Richard Kolko, a spokesperson for the DNI, said in a statement: “The men and women serving the intelligence community safeguard U.S. national security by collecting information, conducting analysis, and providing intelligence for informed decision making under a strict set of laws, policies and guidelines. This mission protects our nation and others around the world.”

Menwith Hill on March 11, 2014 - Photo: Trevor Paglen

The equipment at Menwith Hill covers roughly one square mile, which is patrolled 24 hours a day by armed British military police and monitored by cameras perched on posts that peer down on almost every section of the 10-foot perimeter fence.

Most visible from the outside are a cluster of about 30 of the giant white domes. But the site also houses a self-contained community, accessible only to those with security clearance. Among operations buildings in which analysts listen in on monitored conversations, there is a bowling alley, a small pool hall, a bar, a fast food restaurant, and a general store.

Most of the world’s international phone calls, internet traffic, emails, and other communications are sent over a network of undersea cables that connect countries like giant arteries. At spy outposts across the world, the NSA and its partners tap into these cables to monitor the data flowing through them. But Menwith Hill is focused on a different kind of surveillance: eavesdropping on communications as they are being transmitted through the air.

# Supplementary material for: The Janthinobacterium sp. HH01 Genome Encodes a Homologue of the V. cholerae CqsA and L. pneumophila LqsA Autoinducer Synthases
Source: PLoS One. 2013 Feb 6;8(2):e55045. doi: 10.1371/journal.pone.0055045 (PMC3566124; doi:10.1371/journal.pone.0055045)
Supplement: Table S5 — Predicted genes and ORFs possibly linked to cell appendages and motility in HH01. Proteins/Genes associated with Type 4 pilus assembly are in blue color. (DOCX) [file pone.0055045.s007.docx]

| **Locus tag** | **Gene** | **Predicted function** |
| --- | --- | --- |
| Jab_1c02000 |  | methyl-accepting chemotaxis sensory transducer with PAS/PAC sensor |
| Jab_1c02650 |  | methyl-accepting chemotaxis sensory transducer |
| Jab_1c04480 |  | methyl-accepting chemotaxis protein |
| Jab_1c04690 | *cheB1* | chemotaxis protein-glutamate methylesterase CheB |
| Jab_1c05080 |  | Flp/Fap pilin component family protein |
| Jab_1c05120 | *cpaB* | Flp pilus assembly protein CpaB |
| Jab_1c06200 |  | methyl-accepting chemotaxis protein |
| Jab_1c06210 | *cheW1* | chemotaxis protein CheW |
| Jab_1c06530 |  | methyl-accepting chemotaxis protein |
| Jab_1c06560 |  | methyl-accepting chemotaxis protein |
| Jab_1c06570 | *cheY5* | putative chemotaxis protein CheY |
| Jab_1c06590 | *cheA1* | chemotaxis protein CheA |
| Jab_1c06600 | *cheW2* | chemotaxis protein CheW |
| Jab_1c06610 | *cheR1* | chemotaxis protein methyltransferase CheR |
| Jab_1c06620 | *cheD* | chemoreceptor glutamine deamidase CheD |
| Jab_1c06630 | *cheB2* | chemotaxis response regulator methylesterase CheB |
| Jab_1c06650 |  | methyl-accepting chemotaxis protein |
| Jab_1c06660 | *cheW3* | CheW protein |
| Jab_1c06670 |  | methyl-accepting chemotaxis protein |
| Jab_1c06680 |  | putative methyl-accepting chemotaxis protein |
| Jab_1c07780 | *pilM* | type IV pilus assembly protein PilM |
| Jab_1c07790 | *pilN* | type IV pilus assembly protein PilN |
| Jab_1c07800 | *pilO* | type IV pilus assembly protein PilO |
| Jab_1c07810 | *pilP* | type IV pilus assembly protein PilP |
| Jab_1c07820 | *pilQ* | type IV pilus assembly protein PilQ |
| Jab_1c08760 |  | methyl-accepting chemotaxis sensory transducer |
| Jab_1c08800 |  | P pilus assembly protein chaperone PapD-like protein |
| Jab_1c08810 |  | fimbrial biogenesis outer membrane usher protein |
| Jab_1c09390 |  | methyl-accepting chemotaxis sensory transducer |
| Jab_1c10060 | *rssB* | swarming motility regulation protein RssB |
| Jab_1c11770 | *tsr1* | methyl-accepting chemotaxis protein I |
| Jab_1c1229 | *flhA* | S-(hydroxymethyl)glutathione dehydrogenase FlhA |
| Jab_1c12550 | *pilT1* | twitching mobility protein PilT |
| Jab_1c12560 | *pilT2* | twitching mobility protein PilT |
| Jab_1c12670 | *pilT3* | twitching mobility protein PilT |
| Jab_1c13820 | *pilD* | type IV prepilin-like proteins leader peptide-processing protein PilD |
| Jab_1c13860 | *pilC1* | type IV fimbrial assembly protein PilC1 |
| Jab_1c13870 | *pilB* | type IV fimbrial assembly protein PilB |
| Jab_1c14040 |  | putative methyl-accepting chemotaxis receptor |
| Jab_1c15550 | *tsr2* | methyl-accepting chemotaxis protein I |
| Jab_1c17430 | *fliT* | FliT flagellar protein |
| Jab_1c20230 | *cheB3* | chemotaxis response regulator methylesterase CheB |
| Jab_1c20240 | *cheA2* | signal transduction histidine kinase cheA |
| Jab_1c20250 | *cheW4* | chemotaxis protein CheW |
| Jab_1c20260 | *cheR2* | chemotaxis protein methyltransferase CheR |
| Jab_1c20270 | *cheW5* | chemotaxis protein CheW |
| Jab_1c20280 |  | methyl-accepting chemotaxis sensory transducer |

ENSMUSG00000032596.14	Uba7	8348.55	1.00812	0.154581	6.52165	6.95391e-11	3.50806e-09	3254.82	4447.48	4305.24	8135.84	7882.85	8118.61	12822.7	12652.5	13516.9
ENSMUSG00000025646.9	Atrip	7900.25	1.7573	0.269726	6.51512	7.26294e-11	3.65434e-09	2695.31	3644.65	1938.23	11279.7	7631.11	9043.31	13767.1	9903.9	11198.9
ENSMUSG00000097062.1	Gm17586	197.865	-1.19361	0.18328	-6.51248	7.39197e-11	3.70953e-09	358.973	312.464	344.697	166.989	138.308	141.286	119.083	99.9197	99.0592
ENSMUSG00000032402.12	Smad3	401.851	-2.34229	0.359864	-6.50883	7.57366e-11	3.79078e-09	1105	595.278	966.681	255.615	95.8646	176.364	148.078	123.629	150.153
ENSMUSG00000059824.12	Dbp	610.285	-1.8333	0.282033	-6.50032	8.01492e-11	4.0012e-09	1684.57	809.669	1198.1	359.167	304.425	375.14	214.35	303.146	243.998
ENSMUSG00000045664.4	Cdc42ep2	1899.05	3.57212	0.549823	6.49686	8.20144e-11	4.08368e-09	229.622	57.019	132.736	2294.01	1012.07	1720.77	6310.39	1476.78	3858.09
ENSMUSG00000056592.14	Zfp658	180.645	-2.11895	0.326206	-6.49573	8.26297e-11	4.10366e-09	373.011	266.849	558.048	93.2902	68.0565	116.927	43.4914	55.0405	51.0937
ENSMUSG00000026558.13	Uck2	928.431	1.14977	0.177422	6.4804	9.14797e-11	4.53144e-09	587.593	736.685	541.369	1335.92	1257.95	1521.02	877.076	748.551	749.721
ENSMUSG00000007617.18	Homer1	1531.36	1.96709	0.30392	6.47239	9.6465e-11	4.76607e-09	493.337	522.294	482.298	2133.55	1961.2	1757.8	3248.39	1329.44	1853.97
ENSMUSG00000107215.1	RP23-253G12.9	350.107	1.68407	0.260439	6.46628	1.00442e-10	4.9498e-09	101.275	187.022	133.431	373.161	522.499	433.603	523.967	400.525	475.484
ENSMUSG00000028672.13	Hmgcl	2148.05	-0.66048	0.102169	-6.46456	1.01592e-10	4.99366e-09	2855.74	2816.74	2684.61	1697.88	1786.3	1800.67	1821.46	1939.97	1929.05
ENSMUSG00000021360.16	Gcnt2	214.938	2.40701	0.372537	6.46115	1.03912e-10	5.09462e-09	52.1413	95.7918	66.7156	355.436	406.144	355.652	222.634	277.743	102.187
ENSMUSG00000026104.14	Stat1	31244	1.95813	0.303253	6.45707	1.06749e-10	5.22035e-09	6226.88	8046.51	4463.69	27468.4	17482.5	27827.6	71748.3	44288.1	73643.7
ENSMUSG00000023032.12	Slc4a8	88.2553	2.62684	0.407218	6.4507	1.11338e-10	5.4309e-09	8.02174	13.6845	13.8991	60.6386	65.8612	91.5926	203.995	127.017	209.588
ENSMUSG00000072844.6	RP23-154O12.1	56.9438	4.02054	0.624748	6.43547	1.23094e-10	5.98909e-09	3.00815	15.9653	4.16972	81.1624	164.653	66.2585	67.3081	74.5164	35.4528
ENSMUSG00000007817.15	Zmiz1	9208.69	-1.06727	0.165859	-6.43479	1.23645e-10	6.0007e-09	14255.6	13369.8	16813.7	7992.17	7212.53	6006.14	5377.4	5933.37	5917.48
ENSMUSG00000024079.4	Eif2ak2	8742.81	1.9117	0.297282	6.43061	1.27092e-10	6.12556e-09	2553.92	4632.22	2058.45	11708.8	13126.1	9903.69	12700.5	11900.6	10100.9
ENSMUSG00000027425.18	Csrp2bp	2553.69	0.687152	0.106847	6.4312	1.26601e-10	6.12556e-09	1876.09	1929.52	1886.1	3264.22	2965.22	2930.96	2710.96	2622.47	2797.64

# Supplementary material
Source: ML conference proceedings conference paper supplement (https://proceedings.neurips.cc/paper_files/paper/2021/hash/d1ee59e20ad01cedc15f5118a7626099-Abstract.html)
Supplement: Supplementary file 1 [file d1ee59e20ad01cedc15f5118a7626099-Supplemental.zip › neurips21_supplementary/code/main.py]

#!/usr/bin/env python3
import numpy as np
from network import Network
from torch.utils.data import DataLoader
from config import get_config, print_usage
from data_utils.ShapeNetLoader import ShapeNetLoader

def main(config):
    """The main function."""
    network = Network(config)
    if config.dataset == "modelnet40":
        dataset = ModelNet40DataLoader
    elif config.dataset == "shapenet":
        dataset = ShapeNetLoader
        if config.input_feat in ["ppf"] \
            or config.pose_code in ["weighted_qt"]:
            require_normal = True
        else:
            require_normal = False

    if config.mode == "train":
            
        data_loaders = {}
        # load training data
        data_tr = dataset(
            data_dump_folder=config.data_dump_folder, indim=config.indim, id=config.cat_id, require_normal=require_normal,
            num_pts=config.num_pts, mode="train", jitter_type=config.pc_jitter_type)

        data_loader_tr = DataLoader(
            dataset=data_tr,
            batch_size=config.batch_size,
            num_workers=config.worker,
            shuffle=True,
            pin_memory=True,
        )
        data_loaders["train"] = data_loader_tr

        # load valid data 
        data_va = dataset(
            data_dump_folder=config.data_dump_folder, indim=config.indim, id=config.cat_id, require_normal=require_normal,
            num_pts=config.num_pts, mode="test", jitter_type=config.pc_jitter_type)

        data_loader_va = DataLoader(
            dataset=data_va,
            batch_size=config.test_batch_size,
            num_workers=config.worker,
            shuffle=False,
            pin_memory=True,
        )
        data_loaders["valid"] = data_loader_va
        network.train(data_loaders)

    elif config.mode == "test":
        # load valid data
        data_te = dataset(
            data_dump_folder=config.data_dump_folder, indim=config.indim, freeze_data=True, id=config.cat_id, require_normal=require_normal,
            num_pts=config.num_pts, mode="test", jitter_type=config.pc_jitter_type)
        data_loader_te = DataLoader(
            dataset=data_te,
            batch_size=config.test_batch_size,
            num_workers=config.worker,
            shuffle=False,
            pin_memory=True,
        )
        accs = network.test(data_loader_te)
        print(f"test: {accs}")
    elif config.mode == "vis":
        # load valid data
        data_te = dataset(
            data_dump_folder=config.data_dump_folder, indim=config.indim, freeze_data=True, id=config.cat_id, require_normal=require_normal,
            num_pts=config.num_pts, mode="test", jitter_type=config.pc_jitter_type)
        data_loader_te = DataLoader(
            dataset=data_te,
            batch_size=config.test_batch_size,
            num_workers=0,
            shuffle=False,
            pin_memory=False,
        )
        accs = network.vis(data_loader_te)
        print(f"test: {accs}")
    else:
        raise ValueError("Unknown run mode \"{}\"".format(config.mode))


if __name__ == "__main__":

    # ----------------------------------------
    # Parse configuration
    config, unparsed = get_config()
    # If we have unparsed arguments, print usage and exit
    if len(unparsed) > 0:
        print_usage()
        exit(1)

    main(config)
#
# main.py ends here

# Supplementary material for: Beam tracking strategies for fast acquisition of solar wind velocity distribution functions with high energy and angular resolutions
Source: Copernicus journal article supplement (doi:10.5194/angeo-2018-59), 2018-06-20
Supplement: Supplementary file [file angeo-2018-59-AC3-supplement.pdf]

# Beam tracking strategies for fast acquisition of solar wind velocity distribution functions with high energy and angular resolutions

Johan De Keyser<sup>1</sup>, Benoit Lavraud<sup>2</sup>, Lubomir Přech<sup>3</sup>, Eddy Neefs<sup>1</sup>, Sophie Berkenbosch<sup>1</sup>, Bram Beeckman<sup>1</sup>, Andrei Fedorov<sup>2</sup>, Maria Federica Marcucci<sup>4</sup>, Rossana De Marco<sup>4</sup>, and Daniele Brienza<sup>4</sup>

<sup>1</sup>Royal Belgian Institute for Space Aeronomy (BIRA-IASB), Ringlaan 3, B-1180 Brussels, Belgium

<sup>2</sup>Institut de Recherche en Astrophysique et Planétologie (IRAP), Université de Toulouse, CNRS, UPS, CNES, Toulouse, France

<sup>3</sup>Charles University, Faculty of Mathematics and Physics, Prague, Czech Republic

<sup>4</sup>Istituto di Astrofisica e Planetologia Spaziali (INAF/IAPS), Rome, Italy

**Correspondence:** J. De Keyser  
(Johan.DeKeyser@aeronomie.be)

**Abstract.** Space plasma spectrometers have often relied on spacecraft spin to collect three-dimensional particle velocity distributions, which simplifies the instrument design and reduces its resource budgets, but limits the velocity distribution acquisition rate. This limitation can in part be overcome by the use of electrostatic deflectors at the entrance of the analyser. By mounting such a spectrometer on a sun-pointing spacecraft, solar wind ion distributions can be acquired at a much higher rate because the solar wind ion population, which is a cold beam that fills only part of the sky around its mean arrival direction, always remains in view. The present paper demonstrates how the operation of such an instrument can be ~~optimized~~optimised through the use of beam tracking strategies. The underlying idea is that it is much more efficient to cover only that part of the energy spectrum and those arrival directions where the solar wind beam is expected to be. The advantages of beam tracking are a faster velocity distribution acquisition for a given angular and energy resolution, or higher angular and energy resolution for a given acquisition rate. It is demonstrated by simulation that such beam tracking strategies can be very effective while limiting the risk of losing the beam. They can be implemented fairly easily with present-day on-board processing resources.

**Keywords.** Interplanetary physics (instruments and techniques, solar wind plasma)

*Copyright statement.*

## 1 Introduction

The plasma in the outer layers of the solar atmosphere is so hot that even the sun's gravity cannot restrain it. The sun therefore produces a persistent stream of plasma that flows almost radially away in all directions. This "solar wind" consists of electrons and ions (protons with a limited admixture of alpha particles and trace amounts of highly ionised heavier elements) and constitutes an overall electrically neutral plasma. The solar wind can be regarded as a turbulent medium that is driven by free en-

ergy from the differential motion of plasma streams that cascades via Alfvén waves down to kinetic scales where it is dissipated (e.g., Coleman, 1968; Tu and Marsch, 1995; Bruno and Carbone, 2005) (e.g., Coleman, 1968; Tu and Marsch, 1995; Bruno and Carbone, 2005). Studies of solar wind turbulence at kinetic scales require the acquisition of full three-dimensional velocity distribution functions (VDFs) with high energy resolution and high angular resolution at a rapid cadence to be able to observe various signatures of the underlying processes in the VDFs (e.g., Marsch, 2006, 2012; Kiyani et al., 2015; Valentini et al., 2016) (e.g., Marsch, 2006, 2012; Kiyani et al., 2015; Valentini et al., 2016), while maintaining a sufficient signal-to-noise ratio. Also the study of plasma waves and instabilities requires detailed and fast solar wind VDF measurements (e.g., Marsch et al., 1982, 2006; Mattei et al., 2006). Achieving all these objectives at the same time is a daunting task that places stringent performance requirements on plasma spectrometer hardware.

According to top-secret documents obtained by The Intercept from NSA whistleblower Edward Snowden, Menwith Hill has two main spying capabilities. The first is called FORNSAT, which uses powerful antennae contained within the golf ball-like domes to eavesdrop on communications as they are being beamed between foreign satellites. The second is called OVERHEAD, which uses U.S. government satellites orbiting above targeted countries to locate and monitor wireless communications on the ground below — such as cellphone calls and even WiFi traffic.

A spy satellite launched in 2009 and operated from Menwith Hill. Its role was to intercept communications flowing across “commercial satellite uplinks,” according to NSA documents.

In the late 1980s, international communication networks were revolutionized by new fiber-optic undersea cables. The technology was cheaper than satellites and could transmit data across the world much faster than ever before, at almost the speed of light. For this reason, according to the NSA’s documents, in the mid-1990s the U.S. intelligence community was convinced that satellite communications would soon become obsolete, to be fully replaced by fiber-optic cable networks.

But the prediction proved to be wrong. And millions of phone calls are still beamed between satellites today, alongside troves of internet data, which the NSA has readily exploited at Menwith Hill.

“The commercial satellite communication business is alive and well and bursting at the seams with increasingly sophisticated bulk DNI (Digital Network Intelligence) traffic that is largely unencrypted,” the NSA reported in a 2006 document. “This data source alone provides more data for Menwith Hill analysts to sift through than our entire enterprise had to deal with in the not-so-distant past.”

The U.S. and U.K. governments have actively misled the public for years through a “cover story.”

As of 2009, Menwith Hill’s foreign satellite surveillance mission, code-named MOONPENNY, was monitoring 163 different satellite data links. The intercepted communications were funneled into a variety of different repositories storing phone calls, text messages, emails, internet browsing histories, and other data.